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Wiley, the 'Godfather' of Grime, Delivers a Flawless "Final" Album

Not a single track on Wiley's 17-song rumoured "final" album, 'Godfather,' is poorly conceived.

It takes bold vision and excellent execution to marshal close to two dozen MCs and as many producers into a cohesive whole. That's just what Wiley has done on his eleventh album Godfather, which is rumoured to be his last.


If it recalls Kanye West’s powers for orchestral machinations, the comparison is not misplaced. The first single “Speakerbox” opens with a snippet from what might have been a recorded interview and finds Wiley asserting that “there's no money record labels can offer us” before opening the verse with the words “I know my name is bigger than I make out."

Brag-swag such as this is indistinguishable from self-aggrandisement, just as when Jay Z asks “what's fifty grand to a motherfucker like me?,” rhetorical in his case, but plain truth-telling in both.

Wiley in grime approximates to Jay Z in hip-hop by way of longevity and sustained respectability. But where Hov seems to hog every watt of limelight shone on him, Wiley’s selflessness and generosity to younger artists—in the form of free studio time, features-as-plugs—should continue to be lauded.

It would take bags of confidence to title a song “No. 1 hit” on an album called The Greatest Yet, but this, in effect, is what Wiley has done with his album's fifth song “Back With a Banger”—an actual banger, which knows it's a banger, and is happy to tell you so. It's meta with the biggest wink.

The one true love song on the album is the most unlikely one, and if it sounds like an endorsement for Apple, it's a brilliant one. But far from it, “Laptop,” is a genuine worship-song for Wiley’s most faithful companion, the MacBook Pro.

It's endearing to see the genre-inventor and iconic figure that he is, pledging fidelity to his tool of trade, rather than casually trumpeting his skills in using it. Even though he sometimes succumbs to that temptation, casually confessing to having “bare records on the wall, it was looking like a New Era shop." The tropical-feel of what must be a xylophone on Zeph Ellis’ trippy beat adds a great deal of warmth to the mostly synths and bass-heavy production on the album

Grime’s growth from an inner city curiosity to an arena selling genre has earned it genuine fans, as well as wave-riders who Ghetts takes pointed aim at on “Bang” when he snarls: “culture vulture they owe us / oh now they know us.”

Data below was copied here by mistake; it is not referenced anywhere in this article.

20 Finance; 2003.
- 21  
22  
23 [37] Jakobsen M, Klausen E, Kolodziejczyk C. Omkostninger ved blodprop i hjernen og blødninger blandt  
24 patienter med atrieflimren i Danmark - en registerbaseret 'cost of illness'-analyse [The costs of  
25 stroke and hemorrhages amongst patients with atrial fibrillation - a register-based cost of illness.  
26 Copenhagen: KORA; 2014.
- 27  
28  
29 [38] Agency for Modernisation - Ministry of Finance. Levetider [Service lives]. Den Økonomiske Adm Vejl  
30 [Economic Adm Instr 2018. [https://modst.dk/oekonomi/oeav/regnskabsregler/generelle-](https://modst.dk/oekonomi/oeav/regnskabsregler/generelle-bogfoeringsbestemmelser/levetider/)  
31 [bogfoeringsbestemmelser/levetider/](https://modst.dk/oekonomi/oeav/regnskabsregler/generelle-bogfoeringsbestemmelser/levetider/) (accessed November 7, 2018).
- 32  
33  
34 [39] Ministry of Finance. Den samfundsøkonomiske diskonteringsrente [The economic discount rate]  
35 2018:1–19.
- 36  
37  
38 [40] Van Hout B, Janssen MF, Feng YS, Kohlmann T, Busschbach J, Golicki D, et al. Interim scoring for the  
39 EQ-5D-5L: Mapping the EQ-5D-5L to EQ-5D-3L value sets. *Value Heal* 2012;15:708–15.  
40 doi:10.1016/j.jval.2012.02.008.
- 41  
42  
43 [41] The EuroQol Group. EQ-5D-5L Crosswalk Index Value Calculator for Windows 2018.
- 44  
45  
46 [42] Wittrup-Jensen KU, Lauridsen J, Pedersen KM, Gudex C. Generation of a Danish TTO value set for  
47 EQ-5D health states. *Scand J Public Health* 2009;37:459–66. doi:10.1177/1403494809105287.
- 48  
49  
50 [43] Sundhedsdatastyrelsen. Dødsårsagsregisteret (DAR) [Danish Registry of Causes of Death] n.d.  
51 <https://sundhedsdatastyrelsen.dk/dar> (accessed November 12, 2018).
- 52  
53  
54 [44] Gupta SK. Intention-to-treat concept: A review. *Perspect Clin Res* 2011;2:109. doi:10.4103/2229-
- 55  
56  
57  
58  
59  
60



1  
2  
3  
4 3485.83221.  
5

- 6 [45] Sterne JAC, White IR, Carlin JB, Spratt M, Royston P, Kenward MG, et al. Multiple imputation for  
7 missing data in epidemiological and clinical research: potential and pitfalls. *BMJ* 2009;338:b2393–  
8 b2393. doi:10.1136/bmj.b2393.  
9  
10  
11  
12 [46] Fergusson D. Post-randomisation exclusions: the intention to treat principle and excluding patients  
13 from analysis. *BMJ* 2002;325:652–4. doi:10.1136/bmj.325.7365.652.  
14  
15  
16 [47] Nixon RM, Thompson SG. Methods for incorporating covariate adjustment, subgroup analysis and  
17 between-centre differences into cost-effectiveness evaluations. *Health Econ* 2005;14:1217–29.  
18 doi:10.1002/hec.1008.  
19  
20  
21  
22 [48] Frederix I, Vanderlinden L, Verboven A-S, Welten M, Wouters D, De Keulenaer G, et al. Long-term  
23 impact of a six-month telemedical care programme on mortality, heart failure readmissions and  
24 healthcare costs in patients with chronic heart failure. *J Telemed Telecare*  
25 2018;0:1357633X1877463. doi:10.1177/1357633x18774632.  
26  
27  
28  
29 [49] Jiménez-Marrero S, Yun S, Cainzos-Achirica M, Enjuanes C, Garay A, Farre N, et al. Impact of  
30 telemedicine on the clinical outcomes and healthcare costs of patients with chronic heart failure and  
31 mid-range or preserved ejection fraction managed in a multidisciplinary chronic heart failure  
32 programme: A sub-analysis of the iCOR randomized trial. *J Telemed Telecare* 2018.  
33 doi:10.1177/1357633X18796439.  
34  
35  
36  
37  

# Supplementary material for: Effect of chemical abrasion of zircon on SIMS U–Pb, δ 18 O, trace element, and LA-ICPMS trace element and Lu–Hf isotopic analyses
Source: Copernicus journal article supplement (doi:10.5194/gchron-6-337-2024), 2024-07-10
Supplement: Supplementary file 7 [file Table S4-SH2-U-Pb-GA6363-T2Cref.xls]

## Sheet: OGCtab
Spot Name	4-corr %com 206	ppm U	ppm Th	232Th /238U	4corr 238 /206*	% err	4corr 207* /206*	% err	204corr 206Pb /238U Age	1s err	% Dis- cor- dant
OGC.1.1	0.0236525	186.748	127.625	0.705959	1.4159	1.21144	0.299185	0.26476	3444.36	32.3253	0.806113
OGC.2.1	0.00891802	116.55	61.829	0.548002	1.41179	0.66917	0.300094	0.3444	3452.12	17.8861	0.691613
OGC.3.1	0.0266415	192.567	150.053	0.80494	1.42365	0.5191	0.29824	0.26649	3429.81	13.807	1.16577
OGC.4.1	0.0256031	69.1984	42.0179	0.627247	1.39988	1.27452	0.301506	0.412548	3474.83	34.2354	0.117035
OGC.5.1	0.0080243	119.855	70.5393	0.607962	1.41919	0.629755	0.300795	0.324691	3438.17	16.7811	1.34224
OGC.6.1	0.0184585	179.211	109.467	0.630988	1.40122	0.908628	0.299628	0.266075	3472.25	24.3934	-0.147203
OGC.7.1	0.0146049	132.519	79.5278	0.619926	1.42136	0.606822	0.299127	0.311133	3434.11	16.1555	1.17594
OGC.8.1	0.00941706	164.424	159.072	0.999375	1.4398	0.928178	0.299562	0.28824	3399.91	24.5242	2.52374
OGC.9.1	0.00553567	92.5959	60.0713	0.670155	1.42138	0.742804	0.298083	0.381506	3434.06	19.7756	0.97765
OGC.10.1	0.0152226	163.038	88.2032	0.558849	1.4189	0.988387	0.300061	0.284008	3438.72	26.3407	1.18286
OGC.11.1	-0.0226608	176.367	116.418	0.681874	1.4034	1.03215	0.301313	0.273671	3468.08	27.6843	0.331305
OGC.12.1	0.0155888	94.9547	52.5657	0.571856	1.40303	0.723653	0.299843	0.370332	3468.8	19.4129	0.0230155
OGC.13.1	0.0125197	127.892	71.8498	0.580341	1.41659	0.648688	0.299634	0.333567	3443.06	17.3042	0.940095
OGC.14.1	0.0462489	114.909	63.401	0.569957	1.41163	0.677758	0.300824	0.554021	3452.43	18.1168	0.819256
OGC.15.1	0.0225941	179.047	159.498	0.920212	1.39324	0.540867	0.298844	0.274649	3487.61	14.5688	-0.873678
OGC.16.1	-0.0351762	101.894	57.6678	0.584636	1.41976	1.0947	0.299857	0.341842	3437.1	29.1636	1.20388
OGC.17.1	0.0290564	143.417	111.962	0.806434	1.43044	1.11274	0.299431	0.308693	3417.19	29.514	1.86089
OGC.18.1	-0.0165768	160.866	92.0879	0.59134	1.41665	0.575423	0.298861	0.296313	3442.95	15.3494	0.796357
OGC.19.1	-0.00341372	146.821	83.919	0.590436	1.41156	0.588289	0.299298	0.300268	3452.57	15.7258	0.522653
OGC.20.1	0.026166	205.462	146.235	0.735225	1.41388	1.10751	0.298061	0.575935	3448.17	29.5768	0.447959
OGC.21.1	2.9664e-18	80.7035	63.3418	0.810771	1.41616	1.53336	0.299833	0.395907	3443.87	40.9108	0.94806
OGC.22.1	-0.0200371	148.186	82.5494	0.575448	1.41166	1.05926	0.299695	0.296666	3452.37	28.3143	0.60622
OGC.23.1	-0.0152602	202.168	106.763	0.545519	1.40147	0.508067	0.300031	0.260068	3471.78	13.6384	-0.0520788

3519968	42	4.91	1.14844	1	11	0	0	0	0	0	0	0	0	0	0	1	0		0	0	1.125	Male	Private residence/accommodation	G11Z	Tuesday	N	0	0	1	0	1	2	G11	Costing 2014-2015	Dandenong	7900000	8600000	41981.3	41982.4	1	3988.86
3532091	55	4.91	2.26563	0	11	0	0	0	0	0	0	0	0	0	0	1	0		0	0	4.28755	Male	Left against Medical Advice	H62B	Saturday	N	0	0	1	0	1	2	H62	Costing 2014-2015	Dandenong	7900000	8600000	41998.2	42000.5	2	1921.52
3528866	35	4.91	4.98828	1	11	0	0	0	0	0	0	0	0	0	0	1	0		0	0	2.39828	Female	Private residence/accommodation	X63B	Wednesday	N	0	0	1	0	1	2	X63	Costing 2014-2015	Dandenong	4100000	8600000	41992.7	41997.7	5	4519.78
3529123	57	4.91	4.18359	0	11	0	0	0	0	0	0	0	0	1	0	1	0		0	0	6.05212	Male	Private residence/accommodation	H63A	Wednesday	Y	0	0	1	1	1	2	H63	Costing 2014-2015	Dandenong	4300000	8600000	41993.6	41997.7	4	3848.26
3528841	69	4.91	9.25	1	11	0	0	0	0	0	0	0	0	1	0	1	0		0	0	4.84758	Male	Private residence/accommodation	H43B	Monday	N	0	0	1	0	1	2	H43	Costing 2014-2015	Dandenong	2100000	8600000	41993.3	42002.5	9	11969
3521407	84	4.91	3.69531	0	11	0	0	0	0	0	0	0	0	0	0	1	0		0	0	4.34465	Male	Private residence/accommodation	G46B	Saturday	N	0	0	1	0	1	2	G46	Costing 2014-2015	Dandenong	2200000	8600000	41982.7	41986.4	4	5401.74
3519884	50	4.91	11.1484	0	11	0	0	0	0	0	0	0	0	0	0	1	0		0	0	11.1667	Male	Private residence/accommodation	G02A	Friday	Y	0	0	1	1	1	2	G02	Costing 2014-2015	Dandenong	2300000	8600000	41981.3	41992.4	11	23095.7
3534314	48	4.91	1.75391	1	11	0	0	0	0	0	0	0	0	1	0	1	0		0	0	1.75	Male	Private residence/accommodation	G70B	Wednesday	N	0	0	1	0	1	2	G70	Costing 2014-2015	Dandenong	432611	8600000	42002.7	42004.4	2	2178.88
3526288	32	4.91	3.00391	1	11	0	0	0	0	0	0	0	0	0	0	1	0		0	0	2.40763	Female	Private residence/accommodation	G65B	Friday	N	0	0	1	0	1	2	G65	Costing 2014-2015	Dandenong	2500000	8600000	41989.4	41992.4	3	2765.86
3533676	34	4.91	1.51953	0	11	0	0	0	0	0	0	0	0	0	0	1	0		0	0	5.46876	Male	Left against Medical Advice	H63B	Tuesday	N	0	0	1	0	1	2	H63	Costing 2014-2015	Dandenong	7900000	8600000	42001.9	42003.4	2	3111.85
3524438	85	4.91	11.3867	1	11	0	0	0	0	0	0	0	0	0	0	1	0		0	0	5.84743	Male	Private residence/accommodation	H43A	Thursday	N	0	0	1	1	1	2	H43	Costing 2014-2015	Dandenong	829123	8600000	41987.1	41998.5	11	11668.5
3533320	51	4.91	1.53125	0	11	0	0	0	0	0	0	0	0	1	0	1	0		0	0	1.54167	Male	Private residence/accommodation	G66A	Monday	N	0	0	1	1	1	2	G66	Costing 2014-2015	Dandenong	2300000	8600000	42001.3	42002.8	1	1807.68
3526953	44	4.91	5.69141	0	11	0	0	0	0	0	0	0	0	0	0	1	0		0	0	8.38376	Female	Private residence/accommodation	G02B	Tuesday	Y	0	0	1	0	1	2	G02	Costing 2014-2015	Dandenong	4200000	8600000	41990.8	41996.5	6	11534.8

Ghetts’ delivery is sometimes like a deranged see-saw, which rhythmic beats and song structures only manage to keep in check. This imagined curtailment is not needed on “Bang,” for the zig-zagging of the violin strings perfectly accompany Ghetts’ whirlwind delivery.

The many standout features here all deserve mentions which only few will get. P Money’s verse on “P Money Remix” is a gale of wind when least expected. His verses are high voltage, for which Wiley’s own solid bars double as stabilizers. Most impressive is the absence of any weak songs. Each one is better than the other by degrees and none is poorly conceived.

The brief period between release date and the publication of a review often means giving less consideration to tracks that take longer to digest. “Bait Face” with Scratchy and “My Direction” with Lethal Bizzle are are two of such tracks. Perhaps some new releases deserve two reviews—a first reaction and weeks later a more considered one.

Save for the lush R&B of “U Were Always Pt 2” featuring his chief protégée Skepta and Belly, there aren't concessionary songs to the uninitiated.

For the genuine fans, a majority of the starkly brilliant seventeen songs here are a bounty.

Sabo Kpade is an Associate Writer with Spread The Word. His short story Chibok was shortlisted for the London Short Story Prize 2015. His first play, Have Mercy on Liverpool Street was longlisted for the Alfred Fagon Award. He lives in London.

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Sweet and Short, Cassper Nyovest's fourth album in as many years, sees the South African hip-hop superstar facing an existential crisis of sorts. He dubs his album a game changer, one that's revolutionizing South African hip-hop. Whether he does so or not is part of a larger question around his music, as an artist perpetually in between genres.

Whatever our evaluation of his musical output or the extent to which we measure his impact, what Sweet and Short highlights is how imperative music descriptors have become in Cassper's quest to stand out. This ironically devalues the very descriptors he employs in his attempt to do so. The problematizing that Cassper Nyovest (unintentionally) represents is not a new circumstance for two genres with a long love-hate relationship.

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